Small Talk for People Bad at It

A step-by-step approach.

Posted Dec 15, 2018

Pixabay, CC0 Public Domain
Source: Pixabay, CC0 Public Domain

Small talk is the usually necessary prerequisite to deeper conversation.  If you're not a natural at it, you may be well-served by a step-by-step cookbook approach, although I apologize in advance to those of you who are repulsed at human interaction being reduced to a formula.

1. Arrive early. No, don’t be the first to walk in. That could increase your self-consciousness. Hang out near the entrance and when a few people have entered, take a deep breath, stand straight, shoulders back, chin slightly up, and walk in at a moderate pace. Being there relatively early avoids overwhelm and makes it easier to be seen and to decide whom you might approach.

2. Approaching or getting approached. If you want to try to get approached, stand about 10 feet from an appealing individual or group. Keep that head up and make a flicker or two of eye contact. Give it a minute to see if you’re approached or, if it’s a group, you get a wave or even word inviting you to join.

If you’d rather approach someone, find a comfy place from which to observe, perhaps a corner of the room. That gives you the chance to decide whom to approach. If you spot someone, it’s better to see if s/he’ll start the conversation with you. That’s both because it shifts the burden of starting the conversation to the person and, if the person is taking the initiative, s/he has more investment in you. So proceed as suggested above: Stand about ten feet away and make a flicker or two of eye contact. If after a minute, there’s no response, it’s possible they’re shy or oblivious to your non-verbal overtures. You need to make the first move.

3. First words. Take another of those salutary deep breaths, keep that chin slightly up, smile a bit (teeth a bit apart) but just a bit lest it look like a salesperson’s tactic. Then just say, “Hi” in a pleasant but not exuberant, trying-too-hard voice. Of course, if you know the person, for example, it’s a coworker, say “Hi (insert the person’s name.) Wait a moment. The other person might initiate, which, as mentioned, builds the person’s investment in you. But if not, make an environmental comment. No, I’m not talking about climate change. I’m talking about a comment about the immediate environment, a point of commonality between you. Examples:

  • At a party, you might say, “How do you know the host?’ Or, “The room’s decorated  beautifully.”  While it’s usually wise to err on the side of positivity, occasionally, a negative can be more bonding, for example, “The music isn’t exactly quiet is it?”
  • At a work-related meeting, an environmental comment might be, ”I’m in the HR Department. How about you?” Or, “Have you heard the keynoter before?”  Or if you want to try being negative, for example, “Ah, another pump-up-the-troops revival meeting.”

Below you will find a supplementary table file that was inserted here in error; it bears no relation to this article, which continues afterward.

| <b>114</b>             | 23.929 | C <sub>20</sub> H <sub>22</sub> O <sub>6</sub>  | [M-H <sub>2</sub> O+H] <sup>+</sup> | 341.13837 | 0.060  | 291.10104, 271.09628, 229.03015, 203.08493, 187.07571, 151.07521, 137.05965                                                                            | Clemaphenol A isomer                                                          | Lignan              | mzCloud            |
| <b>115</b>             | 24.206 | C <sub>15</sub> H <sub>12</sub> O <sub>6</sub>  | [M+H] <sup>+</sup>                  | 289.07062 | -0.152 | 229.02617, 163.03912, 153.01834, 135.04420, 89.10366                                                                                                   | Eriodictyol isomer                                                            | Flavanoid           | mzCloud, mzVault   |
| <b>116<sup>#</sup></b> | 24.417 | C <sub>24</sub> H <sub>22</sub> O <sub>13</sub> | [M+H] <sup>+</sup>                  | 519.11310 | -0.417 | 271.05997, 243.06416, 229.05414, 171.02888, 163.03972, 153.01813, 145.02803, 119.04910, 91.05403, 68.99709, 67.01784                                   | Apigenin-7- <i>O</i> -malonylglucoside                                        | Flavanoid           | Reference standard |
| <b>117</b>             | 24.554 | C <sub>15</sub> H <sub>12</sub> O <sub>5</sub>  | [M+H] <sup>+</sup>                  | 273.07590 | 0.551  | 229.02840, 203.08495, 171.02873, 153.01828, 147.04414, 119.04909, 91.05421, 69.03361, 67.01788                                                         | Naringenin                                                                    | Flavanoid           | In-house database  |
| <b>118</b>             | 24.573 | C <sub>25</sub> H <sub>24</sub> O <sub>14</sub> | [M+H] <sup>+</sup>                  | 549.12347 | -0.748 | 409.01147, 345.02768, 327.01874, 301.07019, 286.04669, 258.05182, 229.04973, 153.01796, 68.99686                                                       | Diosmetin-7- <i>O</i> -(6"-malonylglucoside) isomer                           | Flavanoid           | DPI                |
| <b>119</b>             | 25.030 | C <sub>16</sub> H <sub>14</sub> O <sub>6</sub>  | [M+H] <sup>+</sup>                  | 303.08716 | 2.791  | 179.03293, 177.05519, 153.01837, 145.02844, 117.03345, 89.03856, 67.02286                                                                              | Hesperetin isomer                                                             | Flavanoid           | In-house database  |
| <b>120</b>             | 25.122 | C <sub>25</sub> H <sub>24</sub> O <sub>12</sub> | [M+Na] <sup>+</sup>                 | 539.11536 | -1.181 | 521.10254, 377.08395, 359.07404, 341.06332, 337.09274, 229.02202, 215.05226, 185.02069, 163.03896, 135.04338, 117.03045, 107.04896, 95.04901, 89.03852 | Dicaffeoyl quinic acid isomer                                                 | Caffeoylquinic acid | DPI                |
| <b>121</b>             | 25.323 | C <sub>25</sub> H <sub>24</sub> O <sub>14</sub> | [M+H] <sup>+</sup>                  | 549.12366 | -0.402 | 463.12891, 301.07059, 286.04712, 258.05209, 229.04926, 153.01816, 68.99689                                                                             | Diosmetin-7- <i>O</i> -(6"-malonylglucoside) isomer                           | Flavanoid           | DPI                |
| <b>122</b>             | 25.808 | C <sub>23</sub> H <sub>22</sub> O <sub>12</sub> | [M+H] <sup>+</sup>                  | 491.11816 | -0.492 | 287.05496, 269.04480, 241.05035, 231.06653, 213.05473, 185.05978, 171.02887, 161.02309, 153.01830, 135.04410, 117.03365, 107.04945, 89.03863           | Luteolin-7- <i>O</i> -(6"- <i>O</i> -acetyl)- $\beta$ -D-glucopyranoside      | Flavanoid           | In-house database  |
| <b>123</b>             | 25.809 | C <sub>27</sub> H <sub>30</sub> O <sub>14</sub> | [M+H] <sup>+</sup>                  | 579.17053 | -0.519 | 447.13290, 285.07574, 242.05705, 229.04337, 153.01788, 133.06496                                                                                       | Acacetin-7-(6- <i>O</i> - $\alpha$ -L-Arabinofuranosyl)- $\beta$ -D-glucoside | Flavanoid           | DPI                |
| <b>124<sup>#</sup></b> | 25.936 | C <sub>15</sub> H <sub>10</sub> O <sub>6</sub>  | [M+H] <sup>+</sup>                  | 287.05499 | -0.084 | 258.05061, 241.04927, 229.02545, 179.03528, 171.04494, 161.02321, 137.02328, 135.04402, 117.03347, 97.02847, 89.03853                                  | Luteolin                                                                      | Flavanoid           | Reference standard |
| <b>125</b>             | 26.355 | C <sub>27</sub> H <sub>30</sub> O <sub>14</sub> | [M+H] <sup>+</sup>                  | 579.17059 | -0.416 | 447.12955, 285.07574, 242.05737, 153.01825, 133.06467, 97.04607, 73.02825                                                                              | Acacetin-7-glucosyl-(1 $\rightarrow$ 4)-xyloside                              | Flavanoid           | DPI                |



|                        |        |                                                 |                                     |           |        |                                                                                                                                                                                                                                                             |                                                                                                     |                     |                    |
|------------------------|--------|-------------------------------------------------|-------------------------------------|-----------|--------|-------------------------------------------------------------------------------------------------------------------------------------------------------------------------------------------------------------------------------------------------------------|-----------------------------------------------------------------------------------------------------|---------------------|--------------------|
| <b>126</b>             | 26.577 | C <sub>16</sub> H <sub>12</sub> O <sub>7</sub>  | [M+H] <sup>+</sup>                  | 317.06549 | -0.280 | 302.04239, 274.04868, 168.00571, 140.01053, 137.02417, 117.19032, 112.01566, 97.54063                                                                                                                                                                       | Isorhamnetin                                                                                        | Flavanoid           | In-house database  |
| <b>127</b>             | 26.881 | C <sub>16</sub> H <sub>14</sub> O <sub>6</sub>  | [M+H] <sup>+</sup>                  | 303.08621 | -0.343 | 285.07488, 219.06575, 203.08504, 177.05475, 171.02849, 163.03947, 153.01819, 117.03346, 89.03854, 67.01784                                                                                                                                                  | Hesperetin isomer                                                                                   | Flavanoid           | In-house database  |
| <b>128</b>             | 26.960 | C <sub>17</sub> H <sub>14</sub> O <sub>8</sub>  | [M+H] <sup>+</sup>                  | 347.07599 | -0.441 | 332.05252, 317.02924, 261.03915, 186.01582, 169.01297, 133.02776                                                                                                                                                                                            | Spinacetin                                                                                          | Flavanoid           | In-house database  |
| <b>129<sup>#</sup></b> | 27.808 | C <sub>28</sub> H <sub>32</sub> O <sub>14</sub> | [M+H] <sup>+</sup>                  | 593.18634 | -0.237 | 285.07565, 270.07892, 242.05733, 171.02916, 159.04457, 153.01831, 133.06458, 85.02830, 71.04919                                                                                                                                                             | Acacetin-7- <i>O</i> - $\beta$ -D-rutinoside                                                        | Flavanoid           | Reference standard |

4. Listen, really listen. Sure, your next utterance is made easy if s/he asks you a question but many people feel it’s invasive to ask questions so soon, so they’ll say something, usually still small talk. Listen to both the words and tone, adopting a mindset of curiosity. That will help you generate a question to ask, which reduces the burden on you to come up with something to say.

5. Search for a hot button. Let's say the person doesn’t give you an opening but, in response to your “Hi, pretty place, isn’t it,” simply says, “Yeah.” It’s time to ask a more forward question. You can often quickly build a bond by asking a question to unearth one of their hot buttons, something they care a lot about, usually their job, family, hobby, pop culture, health, or these days, Donald Trump. The following question can often reveal one of their hot buttons: “So, what are you thinking about these days?” Again, listen both to the words and tone.

6. Respond in parallel. Respond by expressing common ground. For example, let’s say you asked, “So what are you thinking about these days?” and the person responds, “Work. Things are really busy.” If true, make a bonding comment, such as “Me too. It seems like the pressure’s ever growing.” Note, "the pressure's ever growing" adds an emotional component to the conversation, deepening the relationship. If you sense it’s premature to comment, ask a follow-up question such as, “What are you working on?”

7. Go deeper or change the subject. That first thread may be worth following. Keep listening, mainly making bonding comments and asking questions, perhaps deepening ones. In the aforementioned example, it might be, “Work can get overwhelming, at least I sometimes feel that way. How about you?”

If the first thread seems to be going nowhere, try a different one. To avoid sounding like an interrogator, rather than jumping right in with another question to unearth a hot button, pair your question with a reveal of one of your hot buttons. For example, you might say, “Want to tell me something about yourself? When I’m not working, I’m pretty involved in community theatre.”

8. Capstone the convo. Stay sensitive to when you feel it’s time to end the conversation. When you do, after they’ve finished an utterance, stick your hand out, shake their hand, and say, for example, “I’m going to get something to drink,” “I guess it’s time for us to take our seats,” or some such. If it’s a conversation you’d like to continue, say, “I’ve enjoyed this. I’d welcome a chance to continue the conversation. You might even make it specific: “Hey, may I have your phone number or email address? I’d enjoy continuing the conversation."

The takeaway

Of course, nothing as complex as conversation can be reduced to a formula. But if you struggle with small talk, this structure may be a place to start. Try it, adapt it, and later perhaps scrap it in favor of your own approach.  P.S. Thank you dear readers. I'm honored that my Psychology Today articles have now had over 7 million views.